- The Washington Times - Saturday, July 25, 2009

SAN DIEGO | Authorities investigating the shooting death of a U.S. Border Patrol agent say evidence indicates at least one suspect in the killing was significantly injured and could be seeking medical treatment on either side of the U.S.-Mexico border.

FBI Special Agent Keith Slotter said Friday investigators are checking hospitals and other medical facilities in hopes of tracking down the suspect or suspects who killed agent Robert Wilmer Rosas late Thursday after he responded to a Border Patrol call near Campo, a remote area of San Diego County.

Mr. Slotter said there was no evidence of drugs recovered at the scene. But investigators are not ruling out an attack by drug smugglers or illegal immigrants trying to cross the border.

“I am deeply saddened by the tragic death of one of our own,” said Department of Homeland Security Secretary Janet Napolitano.

Ms. Napolitano said she had directed the department to use its full resources to aid in the murder investigation.

The FBI also is investigating, spokesman Darrell Foxworth said.

The agent spotted a suspicious group of people Thursday night in the Campo area near the Mexican border and called for additional agents to help track them, U.S. Border Patrol spokesman Daryl Reed said.

When the suspicious group split up, the agent followed some of the suspects on his own, Mr. Reed said.

Other agents lost radio contact with him shortly after 9 p.m. then heard gunshots. They found Mr. Rosas, who was pronounced dead at the scene.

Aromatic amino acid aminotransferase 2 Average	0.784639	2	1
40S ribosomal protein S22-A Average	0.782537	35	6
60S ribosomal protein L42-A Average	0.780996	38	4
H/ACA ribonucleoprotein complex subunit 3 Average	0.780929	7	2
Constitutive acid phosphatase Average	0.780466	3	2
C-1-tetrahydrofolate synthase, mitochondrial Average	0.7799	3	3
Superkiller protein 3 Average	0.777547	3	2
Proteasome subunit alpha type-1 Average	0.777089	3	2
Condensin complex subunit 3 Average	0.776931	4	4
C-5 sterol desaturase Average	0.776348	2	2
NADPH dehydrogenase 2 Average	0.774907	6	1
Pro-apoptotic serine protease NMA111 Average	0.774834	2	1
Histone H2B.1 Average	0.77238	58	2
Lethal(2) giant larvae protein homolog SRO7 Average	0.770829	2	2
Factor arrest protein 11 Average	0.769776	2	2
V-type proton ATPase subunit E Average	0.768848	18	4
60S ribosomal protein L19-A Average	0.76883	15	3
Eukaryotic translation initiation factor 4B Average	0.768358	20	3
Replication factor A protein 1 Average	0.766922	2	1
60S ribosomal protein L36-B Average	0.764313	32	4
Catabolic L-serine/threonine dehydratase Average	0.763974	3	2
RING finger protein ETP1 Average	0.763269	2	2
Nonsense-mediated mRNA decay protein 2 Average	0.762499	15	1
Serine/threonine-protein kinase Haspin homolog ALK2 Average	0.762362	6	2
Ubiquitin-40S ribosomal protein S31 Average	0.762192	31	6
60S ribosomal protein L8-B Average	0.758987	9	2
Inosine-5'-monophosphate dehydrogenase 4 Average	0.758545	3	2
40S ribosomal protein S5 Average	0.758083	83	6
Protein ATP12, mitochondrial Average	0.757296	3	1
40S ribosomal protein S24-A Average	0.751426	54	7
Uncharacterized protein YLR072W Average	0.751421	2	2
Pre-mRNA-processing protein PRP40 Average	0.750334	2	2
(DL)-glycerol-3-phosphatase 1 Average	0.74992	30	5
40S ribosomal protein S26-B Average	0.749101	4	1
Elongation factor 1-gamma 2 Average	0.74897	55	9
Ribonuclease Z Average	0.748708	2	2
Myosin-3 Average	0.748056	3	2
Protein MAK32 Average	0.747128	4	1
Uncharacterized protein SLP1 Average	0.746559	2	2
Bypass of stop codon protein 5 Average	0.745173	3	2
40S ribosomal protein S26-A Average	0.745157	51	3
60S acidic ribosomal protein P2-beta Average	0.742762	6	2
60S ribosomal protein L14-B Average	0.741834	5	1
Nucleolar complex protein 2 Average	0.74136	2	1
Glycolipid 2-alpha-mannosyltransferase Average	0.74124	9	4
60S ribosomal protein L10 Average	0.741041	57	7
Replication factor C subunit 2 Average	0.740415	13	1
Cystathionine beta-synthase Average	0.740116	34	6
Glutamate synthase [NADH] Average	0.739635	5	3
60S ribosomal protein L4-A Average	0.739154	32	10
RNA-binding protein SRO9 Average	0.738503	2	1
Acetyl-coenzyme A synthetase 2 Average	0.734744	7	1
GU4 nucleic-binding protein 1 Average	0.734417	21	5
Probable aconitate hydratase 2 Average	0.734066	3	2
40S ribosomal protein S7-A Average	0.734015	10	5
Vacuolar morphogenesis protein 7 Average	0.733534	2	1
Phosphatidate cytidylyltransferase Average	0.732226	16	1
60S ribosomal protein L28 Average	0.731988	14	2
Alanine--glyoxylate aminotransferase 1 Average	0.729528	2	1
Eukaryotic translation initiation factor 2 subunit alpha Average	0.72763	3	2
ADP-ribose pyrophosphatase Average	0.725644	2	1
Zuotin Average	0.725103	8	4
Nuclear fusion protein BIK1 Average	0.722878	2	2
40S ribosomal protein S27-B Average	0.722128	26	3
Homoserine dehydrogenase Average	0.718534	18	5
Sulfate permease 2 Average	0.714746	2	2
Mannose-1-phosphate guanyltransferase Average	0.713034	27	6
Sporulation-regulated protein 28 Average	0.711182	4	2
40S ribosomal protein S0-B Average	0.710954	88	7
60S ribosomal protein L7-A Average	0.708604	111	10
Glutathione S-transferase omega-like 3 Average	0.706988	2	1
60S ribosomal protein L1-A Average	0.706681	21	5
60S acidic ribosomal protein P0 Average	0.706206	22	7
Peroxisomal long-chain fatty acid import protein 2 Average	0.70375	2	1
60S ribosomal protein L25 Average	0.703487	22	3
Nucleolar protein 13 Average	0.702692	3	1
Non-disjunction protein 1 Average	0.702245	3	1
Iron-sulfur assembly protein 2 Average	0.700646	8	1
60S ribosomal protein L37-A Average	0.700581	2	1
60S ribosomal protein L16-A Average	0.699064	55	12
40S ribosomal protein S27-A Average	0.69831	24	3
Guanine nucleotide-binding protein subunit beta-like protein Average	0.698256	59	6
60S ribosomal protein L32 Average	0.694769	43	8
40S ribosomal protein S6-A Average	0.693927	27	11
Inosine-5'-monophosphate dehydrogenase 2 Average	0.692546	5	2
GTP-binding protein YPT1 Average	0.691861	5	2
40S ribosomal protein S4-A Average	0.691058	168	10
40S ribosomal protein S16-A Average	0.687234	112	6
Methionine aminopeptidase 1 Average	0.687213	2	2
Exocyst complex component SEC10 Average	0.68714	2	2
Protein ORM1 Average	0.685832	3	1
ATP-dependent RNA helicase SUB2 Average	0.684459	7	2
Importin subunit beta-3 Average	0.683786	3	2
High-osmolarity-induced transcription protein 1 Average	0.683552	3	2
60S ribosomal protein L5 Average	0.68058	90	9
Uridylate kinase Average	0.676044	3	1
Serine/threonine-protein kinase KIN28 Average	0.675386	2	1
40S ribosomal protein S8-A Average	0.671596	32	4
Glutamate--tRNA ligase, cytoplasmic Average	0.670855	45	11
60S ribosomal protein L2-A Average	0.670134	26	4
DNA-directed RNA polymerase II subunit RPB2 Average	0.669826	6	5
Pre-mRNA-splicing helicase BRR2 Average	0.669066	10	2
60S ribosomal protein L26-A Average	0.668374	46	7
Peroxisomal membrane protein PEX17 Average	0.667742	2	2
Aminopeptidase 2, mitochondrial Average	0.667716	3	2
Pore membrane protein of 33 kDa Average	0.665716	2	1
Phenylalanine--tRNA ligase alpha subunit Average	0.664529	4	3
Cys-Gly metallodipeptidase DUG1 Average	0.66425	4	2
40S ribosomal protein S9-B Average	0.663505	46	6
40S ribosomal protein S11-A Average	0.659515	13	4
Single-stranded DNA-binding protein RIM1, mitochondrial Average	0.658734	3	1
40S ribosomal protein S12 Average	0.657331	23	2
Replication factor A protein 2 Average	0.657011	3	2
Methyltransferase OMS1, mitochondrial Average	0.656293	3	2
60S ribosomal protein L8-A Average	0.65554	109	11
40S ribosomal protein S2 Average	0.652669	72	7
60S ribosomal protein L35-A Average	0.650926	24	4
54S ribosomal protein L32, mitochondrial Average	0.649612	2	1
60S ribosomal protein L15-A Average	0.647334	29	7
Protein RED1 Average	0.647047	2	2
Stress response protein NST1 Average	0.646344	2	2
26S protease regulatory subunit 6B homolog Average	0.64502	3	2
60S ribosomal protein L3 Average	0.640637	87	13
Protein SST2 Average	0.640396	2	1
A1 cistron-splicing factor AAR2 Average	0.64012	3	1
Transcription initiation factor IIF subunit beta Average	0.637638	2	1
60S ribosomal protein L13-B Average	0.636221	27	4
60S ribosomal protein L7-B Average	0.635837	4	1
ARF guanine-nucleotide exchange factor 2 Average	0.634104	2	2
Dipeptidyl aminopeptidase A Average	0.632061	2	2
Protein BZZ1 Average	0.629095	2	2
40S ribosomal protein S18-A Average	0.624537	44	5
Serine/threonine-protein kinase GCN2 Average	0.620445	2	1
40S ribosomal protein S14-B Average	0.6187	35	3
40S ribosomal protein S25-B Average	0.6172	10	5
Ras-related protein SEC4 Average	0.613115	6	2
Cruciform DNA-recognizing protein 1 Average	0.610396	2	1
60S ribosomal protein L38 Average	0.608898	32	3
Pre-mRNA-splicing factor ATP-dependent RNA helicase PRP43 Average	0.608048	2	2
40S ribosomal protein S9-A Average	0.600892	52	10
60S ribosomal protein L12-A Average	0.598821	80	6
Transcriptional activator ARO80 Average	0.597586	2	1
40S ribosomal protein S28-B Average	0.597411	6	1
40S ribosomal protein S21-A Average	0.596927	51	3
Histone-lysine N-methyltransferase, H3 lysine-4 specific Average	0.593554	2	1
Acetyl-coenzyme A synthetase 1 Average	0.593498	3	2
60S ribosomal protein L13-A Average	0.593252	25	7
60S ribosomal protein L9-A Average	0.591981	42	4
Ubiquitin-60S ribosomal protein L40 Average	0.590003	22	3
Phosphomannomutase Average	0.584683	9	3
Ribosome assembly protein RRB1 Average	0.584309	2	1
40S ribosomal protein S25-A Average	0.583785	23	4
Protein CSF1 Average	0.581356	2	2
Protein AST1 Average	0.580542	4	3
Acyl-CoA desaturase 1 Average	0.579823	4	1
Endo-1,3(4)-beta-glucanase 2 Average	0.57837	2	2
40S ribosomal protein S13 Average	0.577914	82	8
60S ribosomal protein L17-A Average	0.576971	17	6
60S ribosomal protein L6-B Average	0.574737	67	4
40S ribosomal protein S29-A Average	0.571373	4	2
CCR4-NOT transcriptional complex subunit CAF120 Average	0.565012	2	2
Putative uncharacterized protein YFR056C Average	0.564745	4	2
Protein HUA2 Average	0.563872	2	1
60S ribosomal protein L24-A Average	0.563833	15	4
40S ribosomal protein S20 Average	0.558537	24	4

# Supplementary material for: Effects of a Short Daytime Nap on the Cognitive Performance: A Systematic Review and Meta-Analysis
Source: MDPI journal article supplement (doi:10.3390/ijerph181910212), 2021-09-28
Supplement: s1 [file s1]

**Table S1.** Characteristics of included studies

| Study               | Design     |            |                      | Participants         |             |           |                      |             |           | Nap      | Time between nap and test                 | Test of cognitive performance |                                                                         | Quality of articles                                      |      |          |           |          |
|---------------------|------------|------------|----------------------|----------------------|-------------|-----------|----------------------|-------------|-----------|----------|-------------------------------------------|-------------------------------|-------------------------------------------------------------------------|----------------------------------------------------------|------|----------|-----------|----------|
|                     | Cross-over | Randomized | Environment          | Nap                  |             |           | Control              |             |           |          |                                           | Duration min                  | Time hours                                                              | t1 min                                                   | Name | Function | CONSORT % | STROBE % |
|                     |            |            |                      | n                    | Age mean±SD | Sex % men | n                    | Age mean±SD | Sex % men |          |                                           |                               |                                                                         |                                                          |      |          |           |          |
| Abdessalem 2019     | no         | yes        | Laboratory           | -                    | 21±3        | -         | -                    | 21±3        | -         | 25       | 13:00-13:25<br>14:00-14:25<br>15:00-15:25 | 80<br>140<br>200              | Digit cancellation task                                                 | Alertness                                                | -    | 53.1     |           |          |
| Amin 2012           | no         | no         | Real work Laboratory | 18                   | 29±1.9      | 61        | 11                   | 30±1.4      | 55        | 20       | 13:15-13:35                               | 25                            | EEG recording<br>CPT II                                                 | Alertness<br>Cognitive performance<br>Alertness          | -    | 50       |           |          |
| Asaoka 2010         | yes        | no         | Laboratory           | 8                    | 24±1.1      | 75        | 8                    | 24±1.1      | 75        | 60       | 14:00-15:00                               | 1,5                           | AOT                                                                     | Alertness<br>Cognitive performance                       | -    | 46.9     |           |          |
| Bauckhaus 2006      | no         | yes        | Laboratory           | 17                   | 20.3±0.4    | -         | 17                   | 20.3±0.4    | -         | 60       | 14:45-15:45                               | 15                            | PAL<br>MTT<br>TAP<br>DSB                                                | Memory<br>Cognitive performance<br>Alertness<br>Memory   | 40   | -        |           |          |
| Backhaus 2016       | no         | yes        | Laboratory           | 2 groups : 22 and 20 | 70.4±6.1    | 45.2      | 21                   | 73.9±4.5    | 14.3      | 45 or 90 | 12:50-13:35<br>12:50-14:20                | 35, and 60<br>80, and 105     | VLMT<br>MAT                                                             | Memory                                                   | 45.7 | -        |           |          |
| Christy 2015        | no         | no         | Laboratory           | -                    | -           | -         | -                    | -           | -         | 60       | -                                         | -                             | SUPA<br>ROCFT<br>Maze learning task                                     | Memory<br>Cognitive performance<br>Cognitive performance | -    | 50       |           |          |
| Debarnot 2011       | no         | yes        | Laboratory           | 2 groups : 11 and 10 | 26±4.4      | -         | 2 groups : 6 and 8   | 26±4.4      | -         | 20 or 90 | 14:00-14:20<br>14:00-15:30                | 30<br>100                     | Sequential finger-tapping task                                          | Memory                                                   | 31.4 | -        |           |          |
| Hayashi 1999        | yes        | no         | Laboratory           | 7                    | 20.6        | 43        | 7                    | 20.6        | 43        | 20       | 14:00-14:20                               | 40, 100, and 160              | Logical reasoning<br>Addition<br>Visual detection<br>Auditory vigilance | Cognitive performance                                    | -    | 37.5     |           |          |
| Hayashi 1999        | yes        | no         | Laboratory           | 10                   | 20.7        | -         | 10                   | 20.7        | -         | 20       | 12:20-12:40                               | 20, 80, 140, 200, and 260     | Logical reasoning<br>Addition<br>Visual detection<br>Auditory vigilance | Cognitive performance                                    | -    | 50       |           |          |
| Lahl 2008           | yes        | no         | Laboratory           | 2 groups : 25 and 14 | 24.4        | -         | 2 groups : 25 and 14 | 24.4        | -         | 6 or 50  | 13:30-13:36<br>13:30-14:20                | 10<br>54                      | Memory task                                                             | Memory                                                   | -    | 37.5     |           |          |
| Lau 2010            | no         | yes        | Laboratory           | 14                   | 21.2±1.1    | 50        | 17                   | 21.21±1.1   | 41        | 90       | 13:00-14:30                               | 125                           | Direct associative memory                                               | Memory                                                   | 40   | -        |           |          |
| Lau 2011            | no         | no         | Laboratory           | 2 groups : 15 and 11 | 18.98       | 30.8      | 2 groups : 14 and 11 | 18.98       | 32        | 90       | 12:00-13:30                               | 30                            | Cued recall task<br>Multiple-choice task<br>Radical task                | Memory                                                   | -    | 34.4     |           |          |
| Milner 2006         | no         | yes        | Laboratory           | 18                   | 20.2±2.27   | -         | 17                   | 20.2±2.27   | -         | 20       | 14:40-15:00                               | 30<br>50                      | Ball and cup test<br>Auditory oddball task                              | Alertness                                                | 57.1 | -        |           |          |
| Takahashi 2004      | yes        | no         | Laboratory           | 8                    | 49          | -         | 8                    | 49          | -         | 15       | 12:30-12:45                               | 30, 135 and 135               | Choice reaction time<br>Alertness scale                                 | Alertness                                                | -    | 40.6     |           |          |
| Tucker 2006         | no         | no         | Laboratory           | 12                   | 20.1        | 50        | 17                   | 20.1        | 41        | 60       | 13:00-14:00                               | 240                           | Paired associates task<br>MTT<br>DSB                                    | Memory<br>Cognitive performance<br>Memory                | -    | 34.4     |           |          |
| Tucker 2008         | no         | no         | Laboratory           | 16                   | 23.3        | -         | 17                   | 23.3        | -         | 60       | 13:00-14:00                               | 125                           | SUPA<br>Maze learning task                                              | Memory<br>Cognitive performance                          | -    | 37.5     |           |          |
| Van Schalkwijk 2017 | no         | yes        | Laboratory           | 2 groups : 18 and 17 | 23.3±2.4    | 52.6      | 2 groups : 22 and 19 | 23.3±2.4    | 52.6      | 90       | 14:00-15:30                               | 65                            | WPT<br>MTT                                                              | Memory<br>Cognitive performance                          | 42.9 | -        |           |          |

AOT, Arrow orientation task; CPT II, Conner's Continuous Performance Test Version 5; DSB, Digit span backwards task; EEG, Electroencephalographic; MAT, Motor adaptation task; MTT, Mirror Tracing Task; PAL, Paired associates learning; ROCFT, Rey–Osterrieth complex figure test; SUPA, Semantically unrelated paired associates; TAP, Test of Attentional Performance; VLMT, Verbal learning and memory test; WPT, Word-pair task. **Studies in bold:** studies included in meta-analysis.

The San Diego County Sheriff’s Department said he was shot in the head.

The president of the union representing 17,000 Border Patrol agents declined to discuss the details of the shooting but said his organization has long been concerned about staffing levels and situations in which agents work alone in the field.

He said such situations are not uncommon, even in the roughly 60 miles of border covered by the San Diego sector.

“It’s fairly common for our agents throughout San Diego County and the rest of the country to work without a partner,” said T.J. Bonner, president of the National Border Patrol Council. “They each have separate vehicles, and it’s a matter of concern with us.”

Since 1919, 108 Border Patrol agents have died on duty, according to the Officer Down Memorial Page Inc., which tracks law-enforcement deaths. Gunfire was the leading cause with 30 deaths, followed by automobile accidents and aircraft accidents.

The Web site, which already posted Mr. Rosas’ death, cited information from the Border Patrol indicating the agent was 30 and was a three-year veteran who is survived by his wife, a 2-year-old son and an 11-month-old daughter.

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